Yes, that would be a problem - the elements have to be recognised properly in order for the FDX export to work properly.
Have you changed the script settings at all? The various elements are recognised by their formatting, so if you change the formatting they will no longer be recognised - you will need to ensure the script settings match the text formatting. If you tell me a little more about how you have set things up and what sequence of events led to the elements not being recognised (it must be more than just reopening the file later - something must have been changed in between) then I’ll do my best to help you sort it out.
Try looking through the various files in the project - are newer ones okay and older ones not (which would indicate that maybe the formatting was changed in-between)? You can also send the file to me of course (zipped) and I’ll be happy to take a look.
All the best,
I’m following the advice Amber gave in this thread (just above), to use Cmd-3 to change from Script to Default; keeping those Binder items separate in the Draft and Research folders: Draft are Script; Research Default.
I notice that whenever I start a new item, it retains the last mode I used, until corrected by Cmd-3. But all of the items reverting to General Text are set to Script.
Other than that, the only Preference change I made was to check “Capitalize first letters of sentences,” which was off. I’m working on my partner’s machine, so the Prefs are not identical to mine at home.
Sent you the zipped file. Also, at times, I am copy/pasting from Research folder to Draft. Would the new material offset the preferences for the Draft (Script) side?
If you are copying from Research into the Draft folder, you should use Paste and Match Style, otherwise it will get pasted in as non-script formatting. I’ve just sent you a reply - your project looks fine as far as I can tell, but I didn’t check every line of every document.
If you look at that third scene, “class,” it’s all coming up as General Text, despite the formatting. I tried to correct it twice. The fourth and fifth scenes are fine.
Curious. Although the formatting seems to be the same, there is a subtle difference. The text in “class” has a default tab interval of half an inch, whereas the text in the other document does not. The default tab interval isn’t even something you can normally set - in fact it’s hidden in an “Options” pane of the Script Settings in the “Paragraph” formatting tab. So the question is, how did one document get this default tab interval set? Was it text you imported or pasted from elsewhere, or was it created in an earlier version of Scrivener (not that I think this setting has changed)? Have you used a different script format for it before, or changed the script settings at all?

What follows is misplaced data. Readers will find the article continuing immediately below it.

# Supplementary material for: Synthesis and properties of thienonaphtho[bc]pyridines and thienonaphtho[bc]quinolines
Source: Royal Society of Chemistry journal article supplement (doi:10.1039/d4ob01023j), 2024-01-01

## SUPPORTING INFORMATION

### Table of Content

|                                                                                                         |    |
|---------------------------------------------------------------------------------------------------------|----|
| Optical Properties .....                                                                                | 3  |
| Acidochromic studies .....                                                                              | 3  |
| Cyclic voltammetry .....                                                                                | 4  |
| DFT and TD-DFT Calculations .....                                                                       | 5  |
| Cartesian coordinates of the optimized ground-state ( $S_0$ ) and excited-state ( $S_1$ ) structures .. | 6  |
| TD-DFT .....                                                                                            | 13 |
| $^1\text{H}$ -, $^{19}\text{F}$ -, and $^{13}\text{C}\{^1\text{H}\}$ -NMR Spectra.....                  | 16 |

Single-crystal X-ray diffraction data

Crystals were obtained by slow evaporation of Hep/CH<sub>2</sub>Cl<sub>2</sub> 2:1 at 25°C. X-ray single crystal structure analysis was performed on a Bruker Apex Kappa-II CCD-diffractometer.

Yup, that was it. Source for that file was text in an e-mail message. I copied and pasted it into a Default item, then later to a Script item, and the Default ruler prevailed.
So I copied a Ruler from a “good” Script item, pasted it into the “bad” one, and then reformatted each of the script elements. Saved, closed, reopened the project, and the new Ruler prevailed.
This usually doesn’t happen because we trade zipped Scrivener files, instead of working via e-mail.
If you are e-mailing from two Scrivener projects, you should definitely check that the scripts settings are the same in both. Did the source come from another Scriv project, or from elsewhere?
It started with email, pasted into Research, and then I pasted from the Research folder to Draft. Should the Ruler be identical in both Draft and Research, even if their formats differ? I create the Research items with the Cmd-3 trick Amber described at the outset of this thread.
All cmd-3 does is switch to script mode, and all that does is make the script controls available every time you view the document - it makes no actual changes to the text itself. So if you took the text from an e-mail and then applied the script formatting to it, it should have stuck. However, if it was in script format in the e-mail or you had formatted it manually rather than using Scrivener’s controls, then there would have been a difference.